Our Heroes: Wayne Koeckeritz of Food Waste Disposal

Photo from Wayne Koeckeritz

While supervising a recycling and waste disposal program, Wayne Koeckeritz was so bothered by all the food waste he saw destined for the landfill that he decided to do something about it. He quit his job as a facility manager of a luxury hotel in South Carolina, cashed out his savings, bought a used garbage truck and set out on his own to turn food trash into compost treasure with his hauling company, Food Waste Disposal (FWD).

With a background in logistics gained through working in the military and the hotel industry, Koeckeritz knew there were significant inefficiency and environmental problems associated with managing the sheer volume of food and organic waste generated by many businesses. It occurred to him that these problems offered an unmet opportunity to work with restaurants and other operations, from universities to grocers, in the Charleston, South Carolina metro area. By focusing on commercial and institutional businesses, he could have a direct impact on keeping food waste – a major and unnecessary contributor to landfills – out of the waste stream, and put it to good use through composting. Koeckeritz views FWD’s “table-to-farm” approach as an essential component to closing the overall food system loop that complements its better recognized “farm-to-table” segment.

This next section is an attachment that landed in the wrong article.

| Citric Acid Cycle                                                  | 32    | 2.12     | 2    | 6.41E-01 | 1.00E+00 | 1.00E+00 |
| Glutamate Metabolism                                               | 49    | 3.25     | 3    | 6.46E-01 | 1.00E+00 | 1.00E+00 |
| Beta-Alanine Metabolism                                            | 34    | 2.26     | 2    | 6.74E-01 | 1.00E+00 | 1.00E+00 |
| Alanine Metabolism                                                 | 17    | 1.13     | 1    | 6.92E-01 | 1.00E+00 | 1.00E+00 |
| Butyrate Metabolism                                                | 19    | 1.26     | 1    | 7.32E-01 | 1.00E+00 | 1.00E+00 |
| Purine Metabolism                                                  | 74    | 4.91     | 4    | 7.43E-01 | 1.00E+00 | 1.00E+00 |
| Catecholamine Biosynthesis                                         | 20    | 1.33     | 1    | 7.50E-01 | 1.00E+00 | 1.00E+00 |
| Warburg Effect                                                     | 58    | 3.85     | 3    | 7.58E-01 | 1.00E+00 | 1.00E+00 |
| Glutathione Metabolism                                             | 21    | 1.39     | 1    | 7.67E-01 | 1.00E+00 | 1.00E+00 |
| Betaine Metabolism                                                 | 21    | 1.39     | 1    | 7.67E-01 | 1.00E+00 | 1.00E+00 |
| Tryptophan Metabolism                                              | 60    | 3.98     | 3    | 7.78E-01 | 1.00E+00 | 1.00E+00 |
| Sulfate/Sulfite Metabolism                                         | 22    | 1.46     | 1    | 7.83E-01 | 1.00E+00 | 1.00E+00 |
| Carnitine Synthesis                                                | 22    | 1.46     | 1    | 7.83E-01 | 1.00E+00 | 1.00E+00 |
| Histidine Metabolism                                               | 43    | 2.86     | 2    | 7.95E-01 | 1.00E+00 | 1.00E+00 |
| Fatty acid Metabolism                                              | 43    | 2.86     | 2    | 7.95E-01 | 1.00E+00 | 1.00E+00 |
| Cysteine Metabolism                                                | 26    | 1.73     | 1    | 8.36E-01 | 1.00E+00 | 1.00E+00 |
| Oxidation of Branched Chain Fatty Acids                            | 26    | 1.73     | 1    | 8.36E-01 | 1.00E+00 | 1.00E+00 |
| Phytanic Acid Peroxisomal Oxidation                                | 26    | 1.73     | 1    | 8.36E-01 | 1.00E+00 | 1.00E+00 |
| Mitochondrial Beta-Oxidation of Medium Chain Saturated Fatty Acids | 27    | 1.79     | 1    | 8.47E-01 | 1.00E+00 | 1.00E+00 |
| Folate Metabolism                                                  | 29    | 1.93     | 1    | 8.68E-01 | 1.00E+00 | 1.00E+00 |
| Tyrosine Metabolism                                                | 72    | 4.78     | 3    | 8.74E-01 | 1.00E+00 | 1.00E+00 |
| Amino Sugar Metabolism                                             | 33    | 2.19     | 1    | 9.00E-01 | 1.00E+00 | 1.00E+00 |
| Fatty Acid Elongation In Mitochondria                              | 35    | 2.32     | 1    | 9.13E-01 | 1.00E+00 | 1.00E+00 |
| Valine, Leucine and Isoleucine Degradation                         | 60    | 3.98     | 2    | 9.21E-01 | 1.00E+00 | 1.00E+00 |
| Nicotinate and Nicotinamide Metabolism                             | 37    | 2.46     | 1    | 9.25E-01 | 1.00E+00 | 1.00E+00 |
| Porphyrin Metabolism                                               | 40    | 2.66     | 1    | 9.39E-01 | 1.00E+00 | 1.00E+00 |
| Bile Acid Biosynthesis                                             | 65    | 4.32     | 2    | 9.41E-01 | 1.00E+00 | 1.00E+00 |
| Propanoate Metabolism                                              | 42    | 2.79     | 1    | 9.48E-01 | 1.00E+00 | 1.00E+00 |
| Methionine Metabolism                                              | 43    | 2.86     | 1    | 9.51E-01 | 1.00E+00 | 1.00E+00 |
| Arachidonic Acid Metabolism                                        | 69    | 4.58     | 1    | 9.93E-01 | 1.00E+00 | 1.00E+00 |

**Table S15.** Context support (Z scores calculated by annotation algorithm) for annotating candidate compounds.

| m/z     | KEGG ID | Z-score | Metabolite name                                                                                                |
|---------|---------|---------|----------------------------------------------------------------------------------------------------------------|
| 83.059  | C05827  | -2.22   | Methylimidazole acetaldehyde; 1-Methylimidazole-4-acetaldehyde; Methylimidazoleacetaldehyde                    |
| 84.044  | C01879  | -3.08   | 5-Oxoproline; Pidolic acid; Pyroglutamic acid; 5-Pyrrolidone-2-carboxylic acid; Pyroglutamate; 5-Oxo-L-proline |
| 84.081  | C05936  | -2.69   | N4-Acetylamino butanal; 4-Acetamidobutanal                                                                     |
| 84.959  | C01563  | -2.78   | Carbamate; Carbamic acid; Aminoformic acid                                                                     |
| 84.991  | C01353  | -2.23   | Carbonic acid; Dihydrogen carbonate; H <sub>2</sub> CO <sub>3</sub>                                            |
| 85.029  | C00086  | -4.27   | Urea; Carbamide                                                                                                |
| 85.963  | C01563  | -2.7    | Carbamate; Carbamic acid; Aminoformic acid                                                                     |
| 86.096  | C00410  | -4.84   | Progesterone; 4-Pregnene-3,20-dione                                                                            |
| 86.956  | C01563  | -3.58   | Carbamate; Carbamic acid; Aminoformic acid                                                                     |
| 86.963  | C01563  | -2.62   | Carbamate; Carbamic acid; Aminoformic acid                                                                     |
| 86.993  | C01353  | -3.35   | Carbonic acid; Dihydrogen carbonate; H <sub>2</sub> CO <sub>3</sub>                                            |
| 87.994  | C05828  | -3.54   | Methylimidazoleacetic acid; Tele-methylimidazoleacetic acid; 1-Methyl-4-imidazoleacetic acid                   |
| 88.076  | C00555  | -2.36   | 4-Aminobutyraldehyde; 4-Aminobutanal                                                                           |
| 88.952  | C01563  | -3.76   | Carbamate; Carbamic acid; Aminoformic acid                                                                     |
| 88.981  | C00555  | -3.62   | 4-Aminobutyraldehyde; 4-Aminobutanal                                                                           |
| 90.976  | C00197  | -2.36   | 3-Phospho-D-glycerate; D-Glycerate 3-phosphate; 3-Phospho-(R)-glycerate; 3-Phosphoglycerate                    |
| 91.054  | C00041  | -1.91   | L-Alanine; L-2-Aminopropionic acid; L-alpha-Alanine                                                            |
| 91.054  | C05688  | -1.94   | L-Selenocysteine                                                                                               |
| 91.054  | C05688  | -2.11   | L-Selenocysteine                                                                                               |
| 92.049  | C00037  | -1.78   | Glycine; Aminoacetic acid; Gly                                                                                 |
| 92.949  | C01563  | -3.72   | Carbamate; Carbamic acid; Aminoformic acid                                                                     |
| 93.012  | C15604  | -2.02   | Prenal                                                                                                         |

Koeckeritz acknowledges that reducing the food waste epidemic in the United States means reconsidering consumer behavior, portion sizes and public policy. Nonetheless, these businesses will always generate organic waste in the sale and production of food (think onion skins, chicken bones, biodegradable paper products, etc.). To that end, there will be constant demand for food waste hauling and composting within the food industry, especially since the service reduces the total cost of waste disposal in some cases. The other benefits provided by FWD are decreased methane emissions from landfills, the ever-valuable and marketable resource of compost to farmers and community recognition. Plus, there is a bonus to FWD customers: They get compost credits which they can use or pass on to gardeners or farmers, to be redeemed for fresh compost!